Ether (diethyl ether) is a colorless, highly volatile, and flammable liquid that was first used as an anesthetic in the mid-19th century. It should be stored at temperatures >25°C in tightly sealed dark bottles or cans. These protect the ether from light, which may decompose it. Ether is a poor anesthetic at altitudes over 2000 meters (6000 feet), although it has been used at altitudes up to 3500 meters (~11,000 feet).21
Ether is probably the most widely used inhalational anesthetic in the world.22 Where the supply of medical-grade ether is limited, industrial-grade ether can be used instead.23 Industrial ether is the same as anesthetic ether, only much less expensive. But, since it comes in drums, it must be poured into dark bottles or sealed cans for use.24 Common types of ether for anesthesia, many of which can be found in industrial settings, include trifluoroethyl vinyl, ethyl vinyl, divinyl, diethyl, and dichloro-difluoroethyl methyl.25 Of these, ethyl vinyl ether is the safest and most potent, and has the most rapid onset of anesthesia and the shortest recovery time, while divinyl ether is the least potent agent for surgical anesthesia and the most likely to produce respiratory arrest.26
Ether (divinyl [anesthetic] and ethyl/diethyl ether) can easily be produced locally since ethanol and sulfuric acid are available nearly everywhere.27 However, non-chemists should try to produce ether only in the most desperate situations, and then only after consulting a reputable organic chemistry text and, if possible, a real chemist.
The substances involved in ether production are highly volatile; the risk of explosion is very real. Essentially, the process is to dehydrate ethyl alcohol with sulfuric acid. Here's how: (a) Obtain ethyl alcohol (i.e., drinking alcohol), since other alcohols will not produce diethyl ether and will be very dangerous. (b) Obtain sulfuric acid, which can often be taken from a lead-acid battery. If necessary, sulfuric acid can be made by burning sulfur and saltpeter (potassium nitrite) together, although this may prove more difficult than finding it premade. The sulfuric acid is reusable and catalyzes the process. (c) Heat the ethanol-sulfuric acid mixture in a glass distillation chamber (such as from any basic chemistry lab). This produces ether vapor, which condenses to liquid. It has to be maintained within a certain temperature range for the reaction to occur. The process is essentially a continuous one with repeated addition of further alcohol.28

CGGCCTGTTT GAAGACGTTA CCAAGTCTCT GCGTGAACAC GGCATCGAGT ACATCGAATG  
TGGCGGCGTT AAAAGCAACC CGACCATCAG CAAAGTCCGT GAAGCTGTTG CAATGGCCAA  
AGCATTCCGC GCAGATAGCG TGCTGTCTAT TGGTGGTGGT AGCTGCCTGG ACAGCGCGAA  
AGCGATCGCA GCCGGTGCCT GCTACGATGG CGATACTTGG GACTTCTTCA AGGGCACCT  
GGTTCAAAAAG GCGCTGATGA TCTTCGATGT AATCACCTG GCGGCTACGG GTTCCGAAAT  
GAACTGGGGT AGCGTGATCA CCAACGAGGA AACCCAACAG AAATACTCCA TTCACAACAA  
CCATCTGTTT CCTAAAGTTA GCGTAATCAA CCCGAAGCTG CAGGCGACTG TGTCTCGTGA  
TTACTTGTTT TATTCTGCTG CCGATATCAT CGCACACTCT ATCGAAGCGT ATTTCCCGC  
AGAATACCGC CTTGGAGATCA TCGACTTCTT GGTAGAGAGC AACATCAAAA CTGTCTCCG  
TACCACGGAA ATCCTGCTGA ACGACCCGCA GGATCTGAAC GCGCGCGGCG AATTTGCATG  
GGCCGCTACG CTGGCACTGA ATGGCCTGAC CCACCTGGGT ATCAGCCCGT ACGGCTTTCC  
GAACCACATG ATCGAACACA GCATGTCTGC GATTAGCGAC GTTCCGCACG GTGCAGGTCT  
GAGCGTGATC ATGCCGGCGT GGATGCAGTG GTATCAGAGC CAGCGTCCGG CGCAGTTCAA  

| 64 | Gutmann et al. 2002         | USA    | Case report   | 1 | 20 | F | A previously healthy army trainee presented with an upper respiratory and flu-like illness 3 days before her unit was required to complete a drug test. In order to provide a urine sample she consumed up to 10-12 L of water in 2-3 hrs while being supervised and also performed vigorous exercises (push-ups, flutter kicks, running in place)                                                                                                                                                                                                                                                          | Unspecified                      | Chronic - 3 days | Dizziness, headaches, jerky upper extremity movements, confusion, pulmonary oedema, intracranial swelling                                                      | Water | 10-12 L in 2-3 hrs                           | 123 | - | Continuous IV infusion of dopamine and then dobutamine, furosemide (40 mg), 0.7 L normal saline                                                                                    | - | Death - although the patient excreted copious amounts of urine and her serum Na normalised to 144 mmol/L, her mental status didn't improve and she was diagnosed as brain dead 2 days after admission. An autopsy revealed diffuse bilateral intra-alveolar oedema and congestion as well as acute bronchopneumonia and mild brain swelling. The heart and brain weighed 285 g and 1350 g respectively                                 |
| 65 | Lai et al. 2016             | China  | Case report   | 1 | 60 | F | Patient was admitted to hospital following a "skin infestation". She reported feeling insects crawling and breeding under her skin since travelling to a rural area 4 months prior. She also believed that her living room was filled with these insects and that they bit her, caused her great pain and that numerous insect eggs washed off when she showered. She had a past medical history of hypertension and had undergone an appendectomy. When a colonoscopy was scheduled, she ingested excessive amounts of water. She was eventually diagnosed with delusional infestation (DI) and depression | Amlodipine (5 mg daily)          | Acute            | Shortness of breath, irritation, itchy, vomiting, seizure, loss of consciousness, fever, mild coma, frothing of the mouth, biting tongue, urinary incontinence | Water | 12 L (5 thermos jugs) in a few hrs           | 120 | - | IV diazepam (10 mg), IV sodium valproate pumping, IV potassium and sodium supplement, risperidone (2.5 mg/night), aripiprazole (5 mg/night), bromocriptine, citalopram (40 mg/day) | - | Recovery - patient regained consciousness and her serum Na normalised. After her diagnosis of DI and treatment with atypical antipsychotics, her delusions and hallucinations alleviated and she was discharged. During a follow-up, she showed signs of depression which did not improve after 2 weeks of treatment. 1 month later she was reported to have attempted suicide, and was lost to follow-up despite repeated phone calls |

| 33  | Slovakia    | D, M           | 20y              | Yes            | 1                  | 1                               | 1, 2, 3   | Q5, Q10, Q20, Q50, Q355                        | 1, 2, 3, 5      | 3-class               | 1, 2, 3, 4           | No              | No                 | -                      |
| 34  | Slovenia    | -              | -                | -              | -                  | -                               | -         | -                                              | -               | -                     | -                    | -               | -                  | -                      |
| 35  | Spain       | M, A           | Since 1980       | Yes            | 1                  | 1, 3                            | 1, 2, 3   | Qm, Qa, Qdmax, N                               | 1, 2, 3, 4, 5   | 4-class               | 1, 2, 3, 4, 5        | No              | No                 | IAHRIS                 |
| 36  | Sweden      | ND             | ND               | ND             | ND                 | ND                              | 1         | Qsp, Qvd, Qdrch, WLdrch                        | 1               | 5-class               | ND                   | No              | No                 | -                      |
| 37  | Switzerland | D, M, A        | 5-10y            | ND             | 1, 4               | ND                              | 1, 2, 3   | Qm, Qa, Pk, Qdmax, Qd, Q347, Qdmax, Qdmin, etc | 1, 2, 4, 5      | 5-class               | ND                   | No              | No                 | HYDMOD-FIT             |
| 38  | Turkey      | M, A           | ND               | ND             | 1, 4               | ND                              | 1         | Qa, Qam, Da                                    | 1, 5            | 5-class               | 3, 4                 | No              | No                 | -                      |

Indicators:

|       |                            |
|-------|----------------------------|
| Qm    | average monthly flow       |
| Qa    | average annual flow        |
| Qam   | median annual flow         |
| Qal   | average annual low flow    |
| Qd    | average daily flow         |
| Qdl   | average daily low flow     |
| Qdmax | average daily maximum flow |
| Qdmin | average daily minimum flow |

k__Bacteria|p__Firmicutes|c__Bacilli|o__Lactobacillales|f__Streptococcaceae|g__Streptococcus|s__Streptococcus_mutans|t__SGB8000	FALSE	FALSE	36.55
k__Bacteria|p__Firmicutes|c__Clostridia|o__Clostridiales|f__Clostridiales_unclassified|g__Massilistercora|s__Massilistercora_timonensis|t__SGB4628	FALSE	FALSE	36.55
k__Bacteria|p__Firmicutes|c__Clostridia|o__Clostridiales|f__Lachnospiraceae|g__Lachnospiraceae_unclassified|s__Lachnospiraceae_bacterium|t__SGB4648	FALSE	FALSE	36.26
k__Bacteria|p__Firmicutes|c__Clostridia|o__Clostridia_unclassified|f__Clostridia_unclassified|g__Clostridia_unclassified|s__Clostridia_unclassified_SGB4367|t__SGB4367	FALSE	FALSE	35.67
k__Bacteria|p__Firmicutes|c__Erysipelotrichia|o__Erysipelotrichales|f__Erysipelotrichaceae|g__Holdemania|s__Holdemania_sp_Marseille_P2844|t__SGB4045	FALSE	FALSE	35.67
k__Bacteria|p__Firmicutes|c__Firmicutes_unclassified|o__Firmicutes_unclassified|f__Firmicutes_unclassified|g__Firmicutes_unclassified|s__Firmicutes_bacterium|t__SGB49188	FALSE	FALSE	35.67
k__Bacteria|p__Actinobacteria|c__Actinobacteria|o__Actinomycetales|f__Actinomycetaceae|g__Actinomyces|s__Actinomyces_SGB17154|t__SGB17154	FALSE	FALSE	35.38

The main advantage to using ether is that it has proved to be very safe, especially in unskilled hands, with a wide margin between satisfactory anesthesia and a lethal overdose.21,27,29,30 Another advantage is that with a vaporizer and mask—or just the ether and a makeshift mask—ether can be used whenever a general anesthetic is needed. Ether is considered one of the anesthetics of choice for major operations requiring intubation and for poor-risk cases (using a low dose), and it is the volatile agent of choice when general anesthesia is needed but no oxygen is available.30
Unlike many modern anesthetics, ether provides intrinsic analgesia, so it does not require the simultaneous use of N2O. It also provides intrinsic neuromuscular relaxation, is a bronchodilator, rarely potentiates the dysrhythmic effect of sympathomimetic agents, causes little uterine relaxation, stimulates blood flow (helpful in shocky patients), and stimulates respiration (useful if no oxygen is available). Even if the patient receives enough ether to depress respirations, cardiac function remains good, and so ether has a wide safety margin.
The classic slow changes of anesthesia depth—the "stages" (see Table 15-3) with their attendant physical signs—are easily observed, suggesting that when one does not have the necessary monitoring equipment and needs to use an inhalation anesthetic, ether is the best choice.21,27,30–33
Disadvantages and Side Effects
Disadvantages associated with using ether are that it has an unpleasant smell (that both the patient and the staff notice) and slow induction and recovery times. In addition, the vapor irritates the bronchial tree, which bothers many patients, and often is accompanied by postoperative nausea, vomiting, and drowsiness.24,27 It helps to get the patient accustomed to the ether smell before anesthesia begins.34